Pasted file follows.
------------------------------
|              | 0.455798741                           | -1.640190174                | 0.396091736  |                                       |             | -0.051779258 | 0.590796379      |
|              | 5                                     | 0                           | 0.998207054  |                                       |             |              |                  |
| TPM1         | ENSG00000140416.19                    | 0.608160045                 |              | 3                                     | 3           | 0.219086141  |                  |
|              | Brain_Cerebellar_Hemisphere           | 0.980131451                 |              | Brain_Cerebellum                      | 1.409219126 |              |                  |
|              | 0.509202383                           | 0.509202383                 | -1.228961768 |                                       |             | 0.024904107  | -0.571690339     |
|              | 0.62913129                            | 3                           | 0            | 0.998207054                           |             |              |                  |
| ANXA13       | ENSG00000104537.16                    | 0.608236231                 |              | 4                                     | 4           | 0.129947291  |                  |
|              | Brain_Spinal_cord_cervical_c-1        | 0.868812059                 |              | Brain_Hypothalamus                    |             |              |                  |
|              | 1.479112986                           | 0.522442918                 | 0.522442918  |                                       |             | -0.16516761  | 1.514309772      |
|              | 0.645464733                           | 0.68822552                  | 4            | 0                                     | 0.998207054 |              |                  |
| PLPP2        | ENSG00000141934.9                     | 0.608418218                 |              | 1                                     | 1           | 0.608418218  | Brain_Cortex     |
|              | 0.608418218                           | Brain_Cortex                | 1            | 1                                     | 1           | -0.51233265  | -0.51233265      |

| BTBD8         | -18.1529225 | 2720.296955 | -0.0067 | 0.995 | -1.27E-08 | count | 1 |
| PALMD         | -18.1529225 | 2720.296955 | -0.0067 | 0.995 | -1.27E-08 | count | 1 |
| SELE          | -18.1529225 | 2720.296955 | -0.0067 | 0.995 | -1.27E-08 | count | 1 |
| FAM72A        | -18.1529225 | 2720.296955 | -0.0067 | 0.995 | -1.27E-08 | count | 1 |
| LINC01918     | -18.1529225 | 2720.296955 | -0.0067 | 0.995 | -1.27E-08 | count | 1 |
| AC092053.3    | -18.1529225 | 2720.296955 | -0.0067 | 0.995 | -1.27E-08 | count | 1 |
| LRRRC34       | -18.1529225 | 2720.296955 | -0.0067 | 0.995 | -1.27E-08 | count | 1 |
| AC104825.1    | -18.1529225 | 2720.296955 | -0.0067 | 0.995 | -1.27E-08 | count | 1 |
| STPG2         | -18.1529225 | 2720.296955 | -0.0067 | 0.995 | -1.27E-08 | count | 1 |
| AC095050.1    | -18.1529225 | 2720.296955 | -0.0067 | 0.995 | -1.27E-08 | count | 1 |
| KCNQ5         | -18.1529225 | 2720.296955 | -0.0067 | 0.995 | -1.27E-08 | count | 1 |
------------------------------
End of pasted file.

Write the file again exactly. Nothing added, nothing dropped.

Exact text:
|              | 0.455798741                           | -1.640190174                | 0.396091736  |                                       |             | -0.051779258 | 0.590796379      |
|              | 5                                     | 0                           | 0.998207054  |                                       |             |              |                  |
| TPM1         | ENSG00000140416.19                    | 0.608160045                 |              | 3                                     | 3           | 0.219086141  |                  |
|              | Brain_Cerebellar_Hemisphere           | 0.980131451                 |              | Brain_Cerebellum                      | 1.409219126 |              |                  |
|              | 0.509202383                           | 0.509202383                 | -1.228961768 |                                       |             | 0.024904107  | -0.571690339     |
|              | 0.62913129                            | 3                           | 0            | 0.998207054                           |             |              |                  |
| ANXA13       | ENSG00000104537.16                    | 0.608236231                 |              | 4                                     | 4           | 0.129947291  |                  |
|              | Brain_Spinal_cord_cervical_c-1        | 0.868812059                 |              | Brain_Hypothalamus                    |             |              |                  |
|              | 1.479112986                           | 0.522442918                 | 0.522442918  |                                       |             | -0.16516761  | 1.514309772      |
|              | 0.645464733                           | 0.68822552                  | 4            | 0                                     | 0.998207054 |              |                  |
| PLPP2        | ENSG00000141934.9                     | 0.608418218                 |              | 1                                     | 1           | 0.608418218  | Brain_Cortex     |
|              | 0.608418218                           | Brain_Cortex                | 1            | 1                                     | 1           | -0.51233265  | -0.51233265      |

| BTBD8         | -18.1529225 | 2720.296955 | -0.0067 | 0.995 | -1.27E-08 | count | 1 |
| PALMD         | -18.1529225 | 2720.296955 | -0.0067 | 0.995 | -1.27E-08 | count | 1 |
| SELE          | -18.1529225 | 2720.296955 | -0.0067 | 0.995 | -1.27E-08 | count | 1 |
| FAM72A        | -18.1529225 | 2720.296955 | -0.0067 | 0.995 | -1.27E-08 | count | 1 |
| LINC01918     | -18.1529225 | 2720.296955 | -0.0067 | 0.995 | -1.27E-08 | count | 1 |
| AC092053.3    | -18.1529225 | 2720.296955 | -0.0067 | 0.995 | -1.27E-08 | count | 1 |
| LRRRC34       | -18.1529225 | 2720.296955 | -0.0067 | 0.995 | -1.27E-08 | count | 1 |
| AC104825.1    | -18.1529225 | 2720.296955 | -0.0067 | 0.995 | -1.27E-08 | count | 1 |
| STPG2         | -18.1529225 | 2720.296955 | -0.0067 | 0.995 | -1.27E-08 | count | 1 |
| AC095050.1    | -18.1529225 | 2720.296955 | -0.0067 | 0.995 | -1.27E-08 | count | 1 |
| KCNQ5         | -18.1529225 | 2720.296955 | -0.0067 | 0.995 | -1.27E-08 | count | 1 |